In order to bring you the best possible user experience, this site uses Javascript. If you are seeing this message, it is likely that the Javascript option in your browser is disabled. For optimal viewing of this site, please ensure that Javascript is enabled for your browser.
Did you know that your browser is out of date? To get the best experience using our website we recommend that you upgrade to a newer version. Learn more.

Europe’s Beating Cancer Plan

Understanding interactions between cancer and cardiovascular disease

Shaping the EU’s Beating Cancer Plan

The European Society of Cardiology (ESC) welcomes the launch of the public discussion on Europe’s Beating Cancer Plan in the European Parliament.

The Plan is an outstanding opportunity for the EU to showcase the added value it brings to improving the health of European citizens. However, to successfully achieve the goal of reducing the burden of Europe’s second biggest killer after cardiovascular disease, a more integrated and holistic approach on comorbidities is needed.

Recent studies have shown that advances in treatment have led to improved survival of cancer patients but have also increased mortality due to treatment side effects. Cardiovascular diseases (Heart Failure, Myocardial Infarction, Arrhythmias) are one of the most frequent side effects1. This is the result of cardiotoxicity, which involves direct effects of cancer treatment on the heart function. There is a growing concern that side effects may lead to premature morbidity and death among cancer survivors2.

Within five years of diagnosis people treated for lymphoma or breast cancer were three times as likely to develop heart failure, as people who never had cancer.
Larson CM, et la. 2018 ACC Annual Scientific Session. Session #1105-066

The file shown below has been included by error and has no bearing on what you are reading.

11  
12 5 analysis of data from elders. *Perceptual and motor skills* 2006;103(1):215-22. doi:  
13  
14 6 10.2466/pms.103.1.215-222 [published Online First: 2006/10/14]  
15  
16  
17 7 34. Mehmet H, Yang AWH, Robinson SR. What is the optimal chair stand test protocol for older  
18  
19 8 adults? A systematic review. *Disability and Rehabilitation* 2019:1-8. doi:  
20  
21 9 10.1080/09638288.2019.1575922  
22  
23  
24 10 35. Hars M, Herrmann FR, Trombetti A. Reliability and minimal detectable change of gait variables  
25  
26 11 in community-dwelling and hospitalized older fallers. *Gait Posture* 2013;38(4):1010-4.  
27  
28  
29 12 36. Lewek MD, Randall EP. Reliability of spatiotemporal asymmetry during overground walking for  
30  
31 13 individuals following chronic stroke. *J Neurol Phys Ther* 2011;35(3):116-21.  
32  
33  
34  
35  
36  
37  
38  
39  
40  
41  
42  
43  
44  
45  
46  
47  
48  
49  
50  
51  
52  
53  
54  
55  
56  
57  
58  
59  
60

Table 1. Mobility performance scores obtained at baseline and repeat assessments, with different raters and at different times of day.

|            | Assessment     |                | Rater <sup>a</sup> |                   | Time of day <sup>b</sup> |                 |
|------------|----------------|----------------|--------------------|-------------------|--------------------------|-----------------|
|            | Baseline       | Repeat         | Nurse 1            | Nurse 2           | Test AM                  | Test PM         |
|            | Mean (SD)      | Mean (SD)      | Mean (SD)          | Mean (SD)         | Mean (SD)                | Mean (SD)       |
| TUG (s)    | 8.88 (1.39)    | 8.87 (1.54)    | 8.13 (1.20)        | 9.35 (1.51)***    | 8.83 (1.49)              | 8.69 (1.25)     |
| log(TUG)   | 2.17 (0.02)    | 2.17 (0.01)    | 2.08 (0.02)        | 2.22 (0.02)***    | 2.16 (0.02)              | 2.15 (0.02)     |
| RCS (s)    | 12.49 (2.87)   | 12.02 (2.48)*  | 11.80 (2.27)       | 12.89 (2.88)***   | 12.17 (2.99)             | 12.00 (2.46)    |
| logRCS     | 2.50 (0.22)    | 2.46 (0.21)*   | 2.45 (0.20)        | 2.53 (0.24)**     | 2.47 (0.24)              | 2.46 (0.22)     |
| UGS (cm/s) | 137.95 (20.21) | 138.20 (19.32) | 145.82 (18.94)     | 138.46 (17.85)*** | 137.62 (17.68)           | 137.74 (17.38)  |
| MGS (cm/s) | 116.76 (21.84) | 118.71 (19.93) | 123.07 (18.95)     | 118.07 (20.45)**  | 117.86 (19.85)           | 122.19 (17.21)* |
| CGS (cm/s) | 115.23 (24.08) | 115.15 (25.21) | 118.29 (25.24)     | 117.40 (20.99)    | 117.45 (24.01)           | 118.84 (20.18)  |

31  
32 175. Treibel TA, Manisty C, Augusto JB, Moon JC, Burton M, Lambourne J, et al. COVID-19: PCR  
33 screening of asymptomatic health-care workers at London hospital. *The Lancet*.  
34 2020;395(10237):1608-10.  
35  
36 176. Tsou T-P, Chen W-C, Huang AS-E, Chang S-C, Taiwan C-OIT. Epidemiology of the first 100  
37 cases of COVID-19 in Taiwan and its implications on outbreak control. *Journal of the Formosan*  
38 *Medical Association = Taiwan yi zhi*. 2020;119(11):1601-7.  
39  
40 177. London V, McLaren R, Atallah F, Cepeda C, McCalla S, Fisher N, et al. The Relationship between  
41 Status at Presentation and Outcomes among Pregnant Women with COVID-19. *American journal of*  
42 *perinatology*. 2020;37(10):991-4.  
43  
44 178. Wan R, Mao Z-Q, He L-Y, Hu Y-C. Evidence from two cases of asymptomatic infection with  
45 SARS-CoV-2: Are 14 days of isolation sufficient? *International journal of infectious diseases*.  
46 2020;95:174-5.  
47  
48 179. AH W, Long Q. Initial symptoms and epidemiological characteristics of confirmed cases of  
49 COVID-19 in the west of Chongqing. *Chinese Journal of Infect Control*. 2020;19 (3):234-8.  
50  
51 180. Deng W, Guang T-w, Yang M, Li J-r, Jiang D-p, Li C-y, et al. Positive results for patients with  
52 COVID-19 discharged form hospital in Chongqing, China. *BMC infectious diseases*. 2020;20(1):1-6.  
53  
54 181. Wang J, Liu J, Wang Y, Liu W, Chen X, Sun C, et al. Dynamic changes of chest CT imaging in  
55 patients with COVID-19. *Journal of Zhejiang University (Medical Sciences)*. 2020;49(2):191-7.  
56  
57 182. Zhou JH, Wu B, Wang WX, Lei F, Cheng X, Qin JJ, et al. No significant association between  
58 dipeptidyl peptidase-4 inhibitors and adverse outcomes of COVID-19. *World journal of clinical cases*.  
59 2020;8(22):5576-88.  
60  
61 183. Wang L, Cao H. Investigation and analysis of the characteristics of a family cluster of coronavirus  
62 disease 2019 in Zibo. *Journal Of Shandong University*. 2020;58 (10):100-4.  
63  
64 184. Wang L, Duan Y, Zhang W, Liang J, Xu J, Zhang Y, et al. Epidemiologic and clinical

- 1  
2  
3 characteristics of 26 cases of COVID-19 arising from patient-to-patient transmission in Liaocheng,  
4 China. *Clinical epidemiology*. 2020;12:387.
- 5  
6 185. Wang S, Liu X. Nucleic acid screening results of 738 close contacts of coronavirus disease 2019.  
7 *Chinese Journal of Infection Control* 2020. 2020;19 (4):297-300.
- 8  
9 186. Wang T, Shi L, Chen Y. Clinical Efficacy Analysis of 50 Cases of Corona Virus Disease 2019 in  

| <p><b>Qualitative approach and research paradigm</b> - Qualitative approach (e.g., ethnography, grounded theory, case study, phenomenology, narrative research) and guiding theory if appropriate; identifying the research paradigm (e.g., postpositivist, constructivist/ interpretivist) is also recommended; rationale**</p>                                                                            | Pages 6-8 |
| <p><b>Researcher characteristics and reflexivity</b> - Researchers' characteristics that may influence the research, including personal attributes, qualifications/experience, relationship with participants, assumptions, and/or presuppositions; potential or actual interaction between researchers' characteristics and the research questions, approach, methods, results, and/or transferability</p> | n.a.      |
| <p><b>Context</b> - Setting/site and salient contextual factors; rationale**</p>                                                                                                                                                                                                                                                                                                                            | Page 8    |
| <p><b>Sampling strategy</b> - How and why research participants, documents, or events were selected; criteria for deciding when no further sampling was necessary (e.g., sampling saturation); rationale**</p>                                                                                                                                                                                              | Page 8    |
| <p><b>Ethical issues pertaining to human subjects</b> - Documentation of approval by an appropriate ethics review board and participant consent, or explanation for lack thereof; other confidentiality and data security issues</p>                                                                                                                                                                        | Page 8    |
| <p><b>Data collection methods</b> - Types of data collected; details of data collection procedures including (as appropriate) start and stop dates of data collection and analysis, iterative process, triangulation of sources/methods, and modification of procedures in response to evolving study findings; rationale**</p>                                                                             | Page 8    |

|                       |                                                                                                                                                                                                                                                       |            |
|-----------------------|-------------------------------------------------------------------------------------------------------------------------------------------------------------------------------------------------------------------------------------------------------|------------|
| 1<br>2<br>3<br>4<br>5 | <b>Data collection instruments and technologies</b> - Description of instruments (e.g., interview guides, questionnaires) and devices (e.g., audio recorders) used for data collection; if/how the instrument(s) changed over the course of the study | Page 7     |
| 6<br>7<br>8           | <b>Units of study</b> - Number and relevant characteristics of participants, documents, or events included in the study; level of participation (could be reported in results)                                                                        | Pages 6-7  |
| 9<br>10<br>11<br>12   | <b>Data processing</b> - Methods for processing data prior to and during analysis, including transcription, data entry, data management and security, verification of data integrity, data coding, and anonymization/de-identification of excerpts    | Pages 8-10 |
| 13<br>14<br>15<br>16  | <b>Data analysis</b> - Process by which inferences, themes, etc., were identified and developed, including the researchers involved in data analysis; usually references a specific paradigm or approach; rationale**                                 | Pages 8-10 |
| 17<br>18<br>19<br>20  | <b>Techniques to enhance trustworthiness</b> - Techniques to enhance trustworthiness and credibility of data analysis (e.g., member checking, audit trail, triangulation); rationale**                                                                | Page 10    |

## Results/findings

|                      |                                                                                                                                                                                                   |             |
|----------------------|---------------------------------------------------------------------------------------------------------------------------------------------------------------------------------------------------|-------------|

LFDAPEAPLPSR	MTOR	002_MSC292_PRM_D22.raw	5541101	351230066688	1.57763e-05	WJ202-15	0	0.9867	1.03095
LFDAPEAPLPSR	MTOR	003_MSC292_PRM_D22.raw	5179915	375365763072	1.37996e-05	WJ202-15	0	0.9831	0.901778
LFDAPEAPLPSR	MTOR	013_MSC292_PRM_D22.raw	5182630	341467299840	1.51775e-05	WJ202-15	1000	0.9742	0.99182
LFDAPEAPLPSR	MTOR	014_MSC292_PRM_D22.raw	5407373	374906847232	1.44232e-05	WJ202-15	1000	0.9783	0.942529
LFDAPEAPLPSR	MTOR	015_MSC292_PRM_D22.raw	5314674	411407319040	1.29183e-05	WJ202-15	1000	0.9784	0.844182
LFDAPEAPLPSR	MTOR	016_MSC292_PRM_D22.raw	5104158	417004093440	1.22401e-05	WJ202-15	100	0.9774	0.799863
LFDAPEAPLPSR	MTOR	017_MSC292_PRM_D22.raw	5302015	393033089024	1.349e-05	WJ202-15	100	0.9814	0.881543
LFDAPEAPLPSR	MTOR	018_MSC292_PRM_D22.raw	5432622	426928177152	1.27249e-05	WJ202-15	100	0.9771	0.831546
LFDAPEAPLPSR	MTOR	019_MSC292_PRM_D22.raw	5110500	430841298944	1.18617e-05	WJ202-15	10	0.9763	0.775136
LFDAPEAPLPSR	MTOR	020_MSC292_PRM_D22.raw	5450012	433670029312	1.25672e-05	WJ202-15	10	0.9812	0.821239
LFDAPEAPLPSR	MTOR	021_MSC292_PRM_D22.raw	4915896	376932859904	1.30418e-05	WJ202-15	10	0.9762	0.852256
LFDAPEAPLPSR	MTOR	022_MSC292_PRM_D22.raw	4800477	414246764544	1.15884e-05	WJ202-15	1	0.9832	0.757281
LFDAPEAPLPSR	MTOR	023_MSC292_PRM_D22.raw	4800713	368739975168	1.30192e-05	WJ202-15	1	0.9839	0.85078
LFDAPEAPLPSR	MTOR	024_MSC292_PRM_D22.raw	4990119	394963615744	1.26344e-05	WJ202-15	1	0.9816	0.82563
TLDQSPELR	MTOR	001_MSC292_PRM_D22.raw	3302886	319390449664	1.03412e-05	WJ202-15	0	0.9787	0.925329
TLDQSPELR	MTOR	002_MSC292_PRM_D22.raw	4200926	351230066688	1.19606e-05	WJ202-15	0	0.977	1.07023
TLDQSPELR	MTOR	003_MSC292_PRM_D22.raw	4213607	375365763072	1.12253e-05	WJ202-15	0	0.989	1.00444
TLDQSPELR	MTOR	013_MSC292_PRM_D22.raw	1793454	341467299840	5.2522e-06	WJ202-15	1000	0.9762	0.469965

Cardiovascular disease is the major cause of mortality in elderly women diagnosed with breast cancer. Furthermore, researchers have found that within five years of their cancer diagnosis, the risk of heart failure was three times higher in people treated for breast cancer or lymphoma than in people without cancer.

Heart failure is the final stage of most cardiovascular diseases. It is extremely debilitating and deadly, as no effective treatment, except heart transplantation, is currently available to cure it. The interaction between cancer and chronic heart failure is a massive psychological burden for patients and has significant economic impact on EU’s healthcare systems. Equally, an increasing incidence of cancer in patients with heart disease has been identified, clearly showing the need to avoid tackling diseases in a siloed approach.

For these reasons, the ESC calls on the European Commission and the European Parliament to:

  • Recognise cancer comorbidities as central component of the EU Cancer Plan and cardiovascular disease as the most frequent comorbidity
  • Involve the cardiovascular community in dialogue for the preparation of the EU Cancer Plan
  • Support research on cancer and cardiovascular comorbidities under the EU Cancer Mission


Further reading: 

ESC statement on cancer comorbidities

'Making cancer-related complications and comorbidities an EU health priority', a joint statement from the ESC and other healthcare organisations.

Case Study

Listen to the story of ESC Patient Forum member Kreena Dhiman who was diagnosed with breast cancer at the age of 33, and as a result of the cardio-toxicity of the chemotherapy developed severe heart failure.